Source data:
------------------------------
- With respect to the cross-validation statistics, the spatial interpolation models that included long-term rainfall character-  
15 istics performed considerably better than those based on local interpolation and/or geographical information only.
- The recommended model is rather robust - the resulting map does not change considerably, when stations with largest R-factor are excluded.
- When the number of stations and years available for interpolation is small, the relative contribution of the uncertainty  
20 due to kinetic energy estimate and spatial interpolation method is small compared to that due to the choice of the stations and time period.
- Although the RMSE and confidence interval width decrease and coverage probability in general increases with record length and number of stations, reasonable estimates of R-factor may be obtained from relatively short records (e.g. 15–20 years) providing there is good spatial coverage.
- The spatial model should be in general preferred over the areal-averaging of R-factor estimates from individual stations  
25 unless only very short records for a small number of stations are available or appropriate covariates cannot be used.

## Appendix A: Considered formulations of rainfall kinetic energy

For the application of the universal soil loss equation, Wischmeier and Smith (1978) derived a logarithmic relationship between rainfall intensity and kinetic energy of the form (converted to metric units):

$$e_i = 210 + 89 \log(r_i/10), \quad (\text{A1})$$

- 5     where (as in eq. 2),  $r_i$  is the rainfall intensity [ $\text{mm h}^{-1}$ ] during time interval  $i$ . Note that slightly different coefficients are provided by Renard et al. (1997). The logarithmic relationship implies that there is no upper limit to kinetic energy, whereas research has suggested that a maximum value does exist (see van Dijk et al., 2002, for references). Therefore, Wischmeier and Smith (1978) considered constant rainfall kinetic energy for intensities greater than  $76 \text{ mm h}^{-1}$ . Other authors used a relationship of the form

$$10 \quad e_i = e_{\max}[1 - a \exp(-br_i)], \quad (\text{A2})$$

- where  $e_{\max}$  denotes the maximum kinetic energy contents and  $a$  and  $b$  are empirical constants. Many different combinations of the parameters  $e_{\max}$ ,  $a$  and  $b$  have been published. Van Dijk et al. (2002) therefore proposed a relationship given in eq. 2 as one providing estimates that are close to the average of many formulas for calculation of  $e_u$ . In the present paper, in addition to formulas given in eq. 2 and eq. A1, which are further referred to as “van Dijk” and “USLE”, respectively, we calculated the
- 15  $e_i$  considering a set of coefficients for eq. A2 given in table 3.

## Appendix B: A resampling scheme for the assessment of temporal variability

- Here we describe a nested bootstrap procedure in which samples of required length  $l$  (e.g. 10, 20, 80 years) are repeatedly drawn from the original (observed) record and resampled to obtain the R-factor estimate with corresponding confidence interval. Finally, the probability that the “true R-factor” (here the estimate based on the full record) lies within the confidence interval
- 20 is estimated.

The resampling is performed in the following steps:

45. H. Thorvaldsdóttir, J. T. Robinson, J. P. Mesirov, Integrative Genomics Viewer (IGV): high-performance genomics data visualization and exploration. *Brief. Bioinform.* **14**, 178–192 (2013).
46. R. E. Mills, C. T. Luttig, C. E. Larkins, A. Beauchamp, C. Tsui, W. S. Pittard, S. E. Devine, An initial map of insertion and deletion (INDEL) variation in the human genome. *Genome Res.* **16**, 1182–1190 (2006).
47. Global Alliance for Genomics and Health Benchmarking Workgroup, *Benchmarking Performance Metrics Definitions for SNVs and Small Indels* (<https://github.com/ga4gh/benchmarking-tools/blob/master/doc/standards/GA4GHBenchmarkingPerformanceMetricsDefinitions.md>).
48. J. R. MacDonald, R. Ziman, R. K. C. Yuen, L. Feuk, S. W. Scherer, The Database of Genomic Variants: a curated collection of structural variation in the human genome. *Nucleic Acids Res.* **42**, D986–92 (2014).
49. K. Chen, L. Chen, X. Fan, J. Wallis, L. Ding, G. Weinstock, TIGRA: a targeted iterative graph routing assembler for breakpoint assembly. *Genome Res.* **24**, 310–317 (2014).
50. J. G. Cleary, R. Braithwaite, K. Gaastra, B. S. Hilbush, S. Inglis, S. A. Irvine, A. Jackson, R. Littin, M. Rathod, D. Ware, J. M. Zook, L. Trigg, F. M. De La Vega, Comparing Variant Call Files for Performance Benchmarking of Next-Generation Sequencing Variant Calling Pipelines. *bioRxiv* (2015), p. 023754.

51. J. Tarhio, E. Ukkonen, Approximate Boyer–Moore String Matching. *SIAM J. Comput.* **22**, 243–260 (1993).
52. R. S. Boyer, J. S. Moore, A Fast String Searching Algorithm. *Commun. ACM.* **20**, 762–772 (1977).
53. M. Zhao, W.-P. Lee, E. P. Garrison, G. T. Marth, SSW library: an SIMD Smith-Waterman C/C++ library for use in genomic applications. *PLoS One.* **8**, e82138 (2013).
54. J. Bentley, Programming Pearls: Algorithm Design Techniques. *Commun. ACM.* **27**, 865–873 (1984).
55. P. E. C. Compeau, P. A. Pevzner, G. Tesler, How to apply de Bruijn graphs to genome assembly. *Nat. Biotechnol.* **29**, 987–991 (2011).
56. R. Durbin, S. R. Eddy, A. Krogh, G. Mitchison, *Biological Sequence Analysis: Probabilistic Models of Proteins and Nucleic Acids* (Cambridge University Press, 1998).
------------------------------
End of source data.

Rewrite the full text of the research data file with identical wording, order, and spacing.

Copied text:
- With respect to the cross-validation statistics, the spatial interpolation models that included long-term rainfall character-  
15 istics performed considerably better than those based on local interpolation and/or geographical information only.
- The recommended model is rather robust - the resulting map does not change considerably, when stations with largest R-factor are excluded.
- When the number of stations and years available for interpolation is small, the relative contribution of the uncertainty  
20 due to kinetic energy estimate and spatial interpolation method is small compared to that due to the choice of the stations and time period.
- Although the RMSE and confidence interval width decrease and coverage probability in general increases with record length and number of stations, reasonable estimates of R-factor may be obtained from relatively short records (e.g. 15–20 years) providing there is good spatial coverage.
- The spatial model should be in general preferred over the areal-averaging of R-factor estimates from individual stations  
25 unless only very short records for a small number of stations are available or appropriate covariates cannot be used.

## Appendix A: Considered formulations of rainfall kinetic energy

For the application of the universal soil loss equation, Wischmeier and Smith (1978) derived a logarithmic relationship between rainfall intensity and kinetic energy of the form (converted to metric units):

$$e_i = 210 + 89 \log(r_i/10), \quad (\text{A1})$$

- 5     where (as in eq. 2),  $r_i$  is the rainfall intensity [ $\text{mm h}^{-1}$ ] during time interval  $i$ . Note that slightly different coefficients are provided by Renard et al. (1997). The logarithmic relationship implies that there is no upper limit to kinetic energy, whereas research has suggested that a maximum value does exist (see van Dijk et al., 2002, for references). Therefore, Wischmeier and Smith (1978) considered constant rainfall kinetic energy for intensities greater than  $76 \text{ mm h}^{-1}$ . Other authors used a relationship of the form

$$10 \quad e_i = e_{\max}[1 - a \exp(-br_i)], \quad (\text{A2})$$

- where  $e_{\max}$  denotes the maximum kinetic energy contents and  $a$  and  $b$  are empirical constants. Many different combinations of the parameters  $e_{\max}$ ,  $a$  and  $b$  have been published. Van Dijk et al. (2002) therefore proposed a relationship given in eq. 2 as one providing estimates that are close to the average of many formulas for calculation of  $e_u$ . In the present paper, in addition to formulas given in eq. 2 and eq. A1, which are further referred to as “van Dijk” and “USLE”, respectively, we calculated the
- 15  $e_i$  considering a set of coefficients for eq. A2 given in table 3.

## Appendix B: A resampling scheme for the assessment of temporal variability

- Here we describe a nested bootstrap procedure in which samples of required length  $l$  (e.g. 10, 20, 80 years) are repeatedly drawn from the original (observed) record and resampled to obtain the R-factor estimate with corresponding confidence interval. Finally, the probability that the “true R-factor” (here the estimate based on the full record) lies within the confidence interval
- 20 is estimated.

The resampling is performed in the following steps:

45. H. Thorvaldsdóttir, J. T. Robinson, J. P. Mesirov, Integrative Genomics Viewer (IGV): high-performance genomics data visualization and exploration. *Brief. Bioinform.* **14**, 178–192 (2013).
46. R. E. Mills, C. T. Luttig, C. E. Larkins, A. Beauchamp, C. Tsui, W. S. Pittard, S. E. Devine, An initial map of insertion and deletion (INDEL) variation in the human genome. *Genome Res.* **16**, 1182–1190 (2006).
47. Global Alliance for Genomics and Health Benchmarking Workgroup, *Benchmarking Performance Metrics Definitions for SNVs and Small Indels* (<https://github.com/ga4gh/benchmarking-tools/blob/master/doc/standards/GA4GHBenchmarkingPerformanceMetricsDefinitions.md>).
48. J. R. MacDonald, R. Ziman, R. K. C. Yuen, L. Feuk, S. W. Scherer, The Database of Genomic Variants: a curated collection of structural variation in the human genome. *Nucleic Acids Res.* **42**, D986–92 (2014).
49. K. Chen, L. Chen, X. Fan, J. Wallis, L. Ding, G. Weinstock, TIGRA: a targeted iterative graph routing assembler for breakpoint assembly. *Genome Res.* **24**, 310–317 (2014).
50. J. G. Cleary, R. Braithwaite, K. Gaastra, B. S. Hilbush, S. Inglis, S. A. Irvine, A. Jackson, R. Littin, M. Rathod, D. Ware, J. M. Zook, L. Trigg, F. M. De La Vega, Comparing Variant Call Files for Performance Benchmarking of Next-Generation Sequencing Variant Calling Pipelines. *bioRxiv* (2015), p. 023754.

51. J. Tarhio, E. Ukkonen, Approximate Boyer–Moore String Matching. *SIAM J. Comput.* **22**, 243–260 (1993).
52. R. S. Boyer, J. S. Moore, A Fast String Searching Algorithm. *Commun. ACM.* **20**, 762–772 (1977).
53. M. Zhao, W.-P. Lee, E. P. Garrison, G. T. Marth, SSW library: an SIMD Smith-Waterman C/C++ library for use in genomic applications. *PLoS One.* **8**, e82138 (2013).
54. J. Bentley, Programming Pearls: Algorithm Design Techniques. *Commun. ACM.* **27**, 865–873 (1984).
55. P. E. C. Compeau, P. A. Pevzner, G. Tesler, How to apply de Bruijn graphs to genome assembly. *Nat. Biotechnol.* **29**, 987–991 (2011).
56. R. Durbin, S. R. Eddy, A. Krogh, G. Mitchison, *Biological Sequence Analysis: Probabilistic Models of Proteins and Nucleic Acids* (Cambridge University Press, 1998).